BACKGROUND - The goal was to investigate the relation of alcohol consumption to the presence of calcified atherosclerotic plaque in the coronary arteries (CAC) and aorta. Previous results have been conflicting, showing increases, decreases, or no effect of alcohol on risk of calcified plaque.
METHODS - We evaluated the relation of alcohol intake to presence of CAC and calcified plaque in the aorta among 3166 white and African American subjects from the NHLBI Family Heart Study who underwent cardiac computed tomography scans.
RESULTS - With adjustments for age, race, study center, body mass index, hyperglycemia/diabetes, hypertension, and smoking, odds ratios (and 95% CI) for CAC scores >100 in nondrinkers and consumers of 1 to 3, 4 to 7, 8 to 14, and >14 drinks per week were 1.0, 0.8 (0.4, 1.3), 1.1 (0.6, 1.9), 0.9 (0.5, 1.5), and 1.5 (0.9, 2.5), respectively, for men and 1.0, 0.9 (0.5, 1.6), 1.3 (0.8, 2.3), 1.3 (0.7, 2.2), and 2.1 (0.8, 5.9) for women. Sensitivity analyses with other cut-points for calcification gave similar results. Analyses of alcohol and aortic calcification showed similar, nonsignificant associations.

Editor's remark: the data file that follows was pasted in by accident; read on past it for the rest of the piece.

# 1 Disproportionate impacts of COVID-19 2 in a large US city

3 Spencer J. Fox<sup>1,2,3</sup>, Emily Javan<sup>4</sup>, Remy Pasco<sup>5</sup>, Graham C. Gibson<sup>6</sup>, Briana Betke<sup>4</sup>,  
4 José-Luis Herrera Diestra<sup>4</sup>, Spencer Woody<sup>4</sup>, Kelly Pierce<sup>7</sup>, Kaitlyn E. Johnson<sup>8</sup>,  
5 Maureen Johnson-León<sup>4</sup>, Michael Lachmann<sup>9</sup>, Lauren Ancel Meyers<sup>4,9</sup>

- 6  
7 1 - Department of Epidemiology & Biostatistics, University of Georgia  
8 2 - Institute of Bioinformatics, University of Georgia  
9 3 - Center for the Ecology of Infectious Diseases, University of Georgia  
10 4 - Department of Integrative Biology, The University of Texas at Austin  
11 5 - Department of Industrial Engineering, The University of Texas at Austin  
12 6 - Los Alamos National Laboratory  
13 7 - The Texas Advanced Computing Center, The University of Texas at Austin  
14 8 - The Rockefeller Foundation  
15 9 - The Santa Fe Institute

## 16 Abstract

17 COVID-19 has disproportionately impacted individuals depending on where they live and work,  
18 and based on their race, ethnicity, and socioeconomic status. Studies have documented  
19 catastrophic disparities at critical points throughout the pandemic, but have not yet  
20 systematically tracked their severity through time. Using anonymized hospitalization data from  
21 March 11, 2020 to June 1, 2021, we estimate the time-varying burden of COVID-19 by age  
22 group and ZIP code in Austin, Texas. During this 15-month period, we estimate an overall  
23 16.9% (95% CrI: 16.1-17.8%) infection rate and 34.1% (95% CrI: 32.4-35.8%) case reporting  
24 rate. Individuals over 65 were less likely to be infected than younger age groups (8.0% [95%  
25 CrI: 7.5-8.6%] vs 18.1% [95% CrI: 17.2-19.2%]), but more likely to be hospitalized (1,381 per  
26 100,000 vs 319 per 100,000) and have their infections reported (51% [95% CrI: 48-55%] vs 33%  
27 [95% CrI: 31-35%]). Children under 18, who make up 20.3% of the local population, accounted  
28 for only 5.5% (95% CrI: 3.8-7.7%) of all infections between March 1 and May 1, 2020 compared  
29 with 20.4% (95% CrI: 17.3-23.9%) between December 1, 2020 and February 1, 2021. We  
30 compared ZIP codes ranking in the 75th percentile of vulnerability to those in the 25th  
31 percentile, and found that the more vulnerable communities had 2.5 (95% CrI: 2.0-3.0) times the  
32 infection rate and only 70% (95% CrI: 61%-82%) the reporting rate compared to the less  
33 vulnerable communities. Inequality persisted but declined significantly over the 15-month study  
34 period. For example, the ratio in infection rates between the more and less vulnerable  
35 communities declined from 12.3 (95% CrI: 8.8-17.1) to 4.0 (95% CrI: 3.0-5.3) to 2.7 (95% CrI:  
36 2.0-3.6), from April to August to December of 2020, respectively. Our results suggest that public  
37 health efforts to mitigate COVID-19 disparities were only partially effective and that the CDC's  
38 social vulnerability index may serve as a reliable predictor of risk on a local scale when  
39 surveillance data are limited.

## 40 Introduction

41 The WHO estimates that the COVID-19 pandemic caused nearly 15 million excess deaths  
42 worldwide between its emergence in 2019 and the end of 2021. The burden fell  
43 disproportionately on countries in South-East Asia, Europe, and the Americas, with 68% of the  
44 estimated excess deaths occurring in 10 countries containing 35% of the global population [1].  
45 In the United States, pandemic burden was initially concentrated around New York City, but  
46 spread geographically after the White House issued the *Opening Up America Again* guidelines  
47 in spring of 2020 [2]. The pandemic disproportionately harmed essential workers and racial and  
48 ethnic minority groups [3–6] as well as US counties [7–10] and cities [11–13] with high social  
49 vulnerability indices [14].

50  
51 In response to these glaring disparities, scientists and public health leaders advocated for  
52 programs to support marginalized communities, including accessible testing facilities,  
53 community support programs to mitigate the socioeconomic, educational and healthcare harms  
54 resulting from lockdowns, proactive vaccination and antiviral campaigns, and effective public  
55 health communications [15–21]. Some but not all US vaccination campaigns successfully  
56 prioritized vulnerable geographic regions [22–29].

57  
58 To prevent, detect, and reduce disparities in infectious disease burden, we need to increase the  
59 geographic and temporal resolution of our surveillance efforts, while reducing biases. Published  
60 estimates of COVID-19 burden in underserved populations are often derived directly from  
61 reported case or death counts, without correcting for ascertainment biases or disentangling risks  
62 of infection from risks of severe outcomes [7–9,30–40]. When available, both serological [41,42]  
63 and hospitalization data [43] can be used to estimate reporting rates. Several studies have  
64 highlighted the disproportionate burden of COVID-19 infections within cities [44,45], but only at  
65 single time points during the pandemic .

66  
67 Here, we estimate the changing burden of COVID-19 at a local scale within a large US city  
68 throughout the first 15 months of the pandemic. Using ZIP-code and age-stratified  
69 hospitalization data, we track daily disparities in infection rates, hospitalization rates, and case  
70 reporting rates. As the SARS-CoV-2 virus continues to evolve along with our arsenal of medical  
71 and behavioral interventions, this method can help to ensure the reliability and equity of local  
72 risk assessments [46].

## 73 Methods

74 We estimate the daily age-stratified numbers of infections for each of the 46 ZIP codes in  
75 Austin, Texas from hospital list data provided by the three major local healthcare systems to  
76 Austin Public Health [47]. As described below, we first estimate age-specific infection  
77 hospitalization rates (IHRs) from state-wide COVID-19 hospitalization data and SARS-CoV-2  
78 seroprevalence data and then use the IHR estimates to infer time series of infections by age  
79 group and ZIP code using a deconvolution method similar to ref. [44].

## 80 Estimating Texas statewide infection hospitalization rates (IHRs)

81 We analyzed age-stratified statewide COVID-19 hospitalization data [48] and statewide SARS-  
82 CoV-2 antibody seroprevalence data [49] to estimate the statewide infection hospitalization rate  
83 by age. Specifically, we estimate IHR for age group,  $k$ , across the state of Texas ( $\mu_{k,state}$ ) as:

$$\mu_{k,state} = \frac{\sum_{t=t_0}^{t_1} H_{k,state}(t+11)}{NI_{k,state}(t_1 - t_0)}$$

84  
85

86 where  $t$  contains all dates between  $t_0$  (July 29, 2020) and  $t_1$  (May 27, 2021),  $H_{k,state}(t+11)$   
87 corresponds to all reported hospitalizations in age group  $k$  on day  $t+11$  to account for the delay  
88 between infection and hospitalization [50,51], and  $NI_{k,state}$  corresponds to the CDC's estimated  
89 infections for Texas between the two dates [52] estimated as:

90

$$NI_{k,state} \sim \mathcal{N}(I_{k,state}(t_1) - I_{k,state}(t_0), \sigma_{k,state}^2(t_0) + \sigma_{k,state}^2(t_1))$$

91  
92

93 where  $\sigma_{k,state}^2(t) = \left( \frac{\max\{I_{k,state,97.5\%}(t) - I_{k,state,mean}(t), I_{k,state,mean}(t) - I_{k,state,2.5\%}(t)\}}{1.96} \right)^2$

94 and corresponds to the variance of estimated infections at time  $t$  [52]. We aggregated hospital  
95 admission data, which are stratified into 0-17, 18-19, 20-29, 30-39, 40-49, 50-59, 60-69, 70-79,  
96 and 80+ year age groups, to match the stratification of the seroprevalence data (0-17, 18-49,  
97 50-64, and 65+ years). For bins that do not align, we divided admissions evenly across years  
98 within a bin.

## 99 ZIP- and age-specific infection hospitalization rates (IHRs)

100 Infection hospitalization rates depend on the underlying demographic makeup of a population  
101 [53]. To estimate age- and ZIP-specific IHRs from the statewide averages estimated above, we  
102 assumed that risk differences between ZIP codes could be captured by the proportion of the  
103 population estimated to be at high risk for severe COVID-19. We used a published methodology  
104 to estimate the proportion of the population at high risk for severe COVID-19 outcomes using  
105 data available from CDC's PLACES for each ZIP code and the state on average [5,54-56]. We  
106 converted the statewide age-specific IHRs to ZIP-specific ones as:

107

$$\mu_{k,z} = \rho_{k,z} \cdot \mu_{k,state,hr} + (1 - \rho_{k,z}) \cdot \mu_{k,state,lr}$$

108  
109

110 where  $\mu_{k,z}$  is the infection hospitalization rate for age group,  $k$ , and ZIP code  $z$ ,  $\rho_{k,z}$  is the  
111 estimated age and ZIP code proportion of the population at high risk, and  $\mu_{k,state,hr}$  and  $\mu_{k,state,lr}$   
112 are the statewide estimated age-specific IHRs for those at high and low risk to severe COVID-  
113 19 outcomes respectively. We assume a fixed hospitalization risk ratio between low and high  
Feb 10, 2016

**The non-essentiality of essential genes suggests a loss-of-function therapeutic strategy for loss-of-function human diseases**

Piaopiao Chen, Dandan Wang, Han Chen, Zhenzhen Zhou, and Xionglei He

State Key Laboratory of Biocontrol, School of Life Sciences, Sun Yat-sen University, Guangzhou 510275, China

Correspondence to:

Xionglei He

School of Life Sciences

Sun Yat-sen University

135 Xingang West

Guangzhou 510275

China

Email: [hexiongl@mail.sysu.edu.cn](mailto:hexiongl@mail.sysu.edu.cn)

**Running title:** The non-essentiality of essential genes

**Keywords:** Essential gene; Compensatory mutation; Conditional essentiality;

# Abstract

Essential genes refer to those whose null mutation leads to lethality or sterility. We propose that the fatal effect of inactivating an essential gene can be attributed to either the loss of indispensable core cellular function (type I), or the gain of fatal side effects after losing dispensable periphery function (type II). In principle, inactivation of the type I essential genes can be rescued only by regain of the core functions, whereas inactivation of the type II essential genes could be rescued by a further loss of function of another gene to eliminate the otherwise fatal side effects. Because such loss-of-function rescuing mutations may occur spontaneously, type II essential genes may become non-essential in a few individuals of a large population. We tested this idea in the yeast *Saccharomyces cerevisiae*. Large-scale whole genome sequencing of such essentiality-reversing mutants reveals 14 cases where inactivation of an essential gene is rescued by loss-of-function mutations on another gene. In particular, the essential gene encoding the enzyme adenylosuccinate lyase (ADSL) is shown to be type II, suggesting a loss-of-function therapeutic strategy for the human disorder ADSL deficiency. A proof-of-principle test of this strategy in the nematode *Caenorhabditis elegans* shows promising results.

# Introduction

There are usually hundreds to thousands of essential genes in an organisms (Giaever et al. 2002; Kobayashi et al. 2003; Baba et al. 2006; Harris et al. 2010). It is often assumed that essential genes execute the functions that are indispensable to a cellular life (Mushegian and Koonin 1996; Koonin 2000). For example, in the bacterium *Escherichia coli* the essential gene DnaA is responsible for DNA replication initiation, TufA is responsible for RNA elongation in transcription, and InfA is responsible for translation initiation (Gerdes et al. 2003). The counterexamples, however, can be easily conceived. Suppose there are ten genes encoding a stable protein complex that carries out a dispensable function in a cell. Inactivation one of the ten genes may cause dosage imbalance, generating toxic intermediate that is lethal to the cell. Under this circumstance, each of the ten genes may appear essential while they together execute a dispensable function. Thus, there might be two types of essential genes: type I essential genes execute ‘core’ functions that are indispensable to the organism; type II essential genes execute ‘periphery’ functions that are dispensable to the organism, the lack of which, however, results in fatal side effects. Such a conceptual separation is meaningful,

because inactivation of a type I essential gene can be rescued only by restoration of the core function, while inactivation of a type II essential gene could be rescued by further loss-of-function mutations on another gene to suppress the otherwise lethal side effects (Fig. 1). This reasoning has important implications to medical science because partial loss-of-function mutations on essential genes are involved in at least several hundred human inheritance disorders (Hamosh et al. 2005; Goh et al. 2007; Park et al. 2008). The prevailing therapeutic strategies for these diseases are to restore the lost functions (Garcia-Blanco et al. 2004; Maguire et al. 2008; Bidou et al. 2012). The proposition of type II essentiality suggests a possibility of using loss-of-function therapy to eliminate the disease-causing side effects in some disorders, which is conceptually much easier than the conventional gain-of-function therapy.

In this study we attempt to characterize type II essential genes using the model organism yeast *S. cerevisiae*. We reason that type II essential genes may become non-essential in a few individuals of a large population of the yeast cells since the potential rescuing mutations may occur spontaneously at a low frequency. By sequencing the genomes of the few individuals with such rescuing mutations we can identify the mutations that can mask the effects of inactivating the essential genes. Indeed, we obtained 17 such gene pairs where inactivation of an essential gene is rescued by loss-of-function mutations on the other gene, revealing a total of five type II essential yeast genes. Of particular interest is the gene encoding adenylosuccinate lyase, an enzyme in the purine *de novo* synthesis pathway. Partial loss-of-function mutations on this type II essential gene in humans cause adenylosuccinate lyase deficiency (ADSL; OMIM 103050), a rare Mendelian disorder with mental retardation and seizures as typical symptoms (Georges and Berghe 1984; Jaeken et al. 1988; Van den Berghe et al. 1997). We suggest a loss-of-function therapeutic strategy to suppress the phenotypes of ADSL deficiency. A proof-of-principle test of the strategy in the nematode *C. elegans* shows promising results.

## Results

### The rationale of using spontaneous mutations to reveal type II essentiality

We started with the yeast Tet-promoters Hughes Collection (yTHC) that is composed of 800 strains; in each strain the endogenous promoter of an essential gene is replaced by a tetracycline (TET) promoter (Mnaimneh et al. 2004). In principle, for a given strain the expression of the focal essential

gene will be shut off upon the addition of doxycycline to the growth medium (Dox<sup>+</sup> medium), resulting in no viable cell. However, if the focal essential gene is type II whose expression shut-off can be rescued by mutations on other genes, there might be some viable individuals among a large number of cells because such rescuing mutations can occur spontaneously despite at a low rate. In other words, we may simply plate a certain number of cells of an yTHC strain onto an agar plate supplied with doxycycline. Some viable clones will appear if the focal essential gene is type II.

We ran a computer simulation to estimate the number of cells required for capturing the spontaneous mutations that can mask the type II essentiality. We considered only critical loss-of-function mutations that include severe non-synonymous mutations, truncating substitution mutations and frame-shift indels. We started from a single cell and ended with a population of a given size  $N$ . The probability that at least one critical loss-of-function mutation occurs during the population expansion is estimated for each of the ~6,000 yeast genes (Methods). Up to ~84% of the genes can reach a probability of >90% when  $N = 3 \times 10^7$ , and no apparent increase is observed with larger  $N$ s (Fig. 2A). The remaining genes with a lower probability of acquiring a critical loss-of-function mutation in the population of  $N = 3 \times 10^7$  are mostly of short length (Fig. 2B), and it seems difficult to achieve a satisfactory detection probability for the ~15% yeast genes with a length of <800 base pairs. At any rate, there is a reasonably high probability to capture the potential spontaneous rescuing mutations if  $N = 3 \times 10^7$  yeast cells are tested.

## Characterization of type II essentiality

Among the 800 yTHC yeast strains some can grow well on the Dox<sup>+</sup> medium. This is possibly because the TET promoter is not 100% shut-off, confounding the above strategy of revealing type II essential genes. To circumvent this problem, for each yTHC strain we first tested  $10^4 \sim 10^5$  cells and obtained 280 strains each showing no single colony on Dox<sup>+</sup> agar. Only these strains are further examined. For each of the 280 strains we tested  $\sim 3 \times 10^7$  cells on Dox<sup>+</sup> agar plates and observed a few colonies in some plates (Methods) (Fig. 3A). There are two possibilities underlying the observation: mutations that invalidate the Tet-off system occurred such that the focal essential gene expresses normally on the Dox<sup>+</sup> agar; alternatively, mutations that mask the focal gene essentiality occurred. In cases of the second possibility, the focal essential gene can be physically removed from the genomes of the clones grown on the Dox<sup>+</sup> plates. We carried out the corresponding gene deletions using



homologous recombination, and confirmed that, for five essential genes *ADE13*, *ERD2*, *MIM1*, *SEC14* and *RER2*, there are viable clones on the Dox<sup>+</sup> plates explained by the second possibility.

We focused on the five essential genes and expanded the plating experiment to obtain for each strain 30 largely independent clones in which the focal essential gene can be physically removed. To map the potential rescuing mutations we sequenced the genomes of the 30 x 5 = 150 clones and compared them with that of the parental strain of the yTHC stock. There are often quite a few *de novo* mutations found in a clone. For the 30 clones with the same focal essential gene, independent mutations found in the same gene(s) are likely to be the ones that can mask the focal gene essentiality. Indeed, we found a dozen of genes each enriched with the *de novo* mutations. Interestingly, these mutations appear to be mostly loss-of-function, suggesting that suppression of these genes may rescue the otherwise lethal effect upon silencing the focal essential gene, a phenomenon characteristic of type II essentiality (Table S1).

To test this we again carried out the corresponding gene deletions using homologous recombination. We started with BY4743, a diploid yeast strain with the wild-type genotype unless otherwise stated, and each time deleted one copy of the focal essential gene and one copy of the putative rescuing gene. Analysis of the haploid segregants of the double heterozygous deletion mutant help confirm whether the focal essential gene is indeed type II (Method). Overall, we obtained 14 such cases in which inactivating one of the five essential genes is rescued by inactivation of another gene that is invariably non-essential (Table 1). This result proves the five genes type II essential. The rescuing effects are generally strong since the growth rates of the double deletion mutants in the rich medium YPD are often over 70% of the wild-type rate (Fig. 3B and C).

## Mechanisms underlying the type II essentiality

CONCLUSIONS - Despite its frequently demonstrated beneficial effects on coronary artery disease risk, alcohol consumption in this study was not associated with calcified atherosclerotic plaque in the coronary arteries or in the aorta. This suggests that its effects on cardiovascular risk may occur through mechanisms other than those associated with the development of calcified plaque.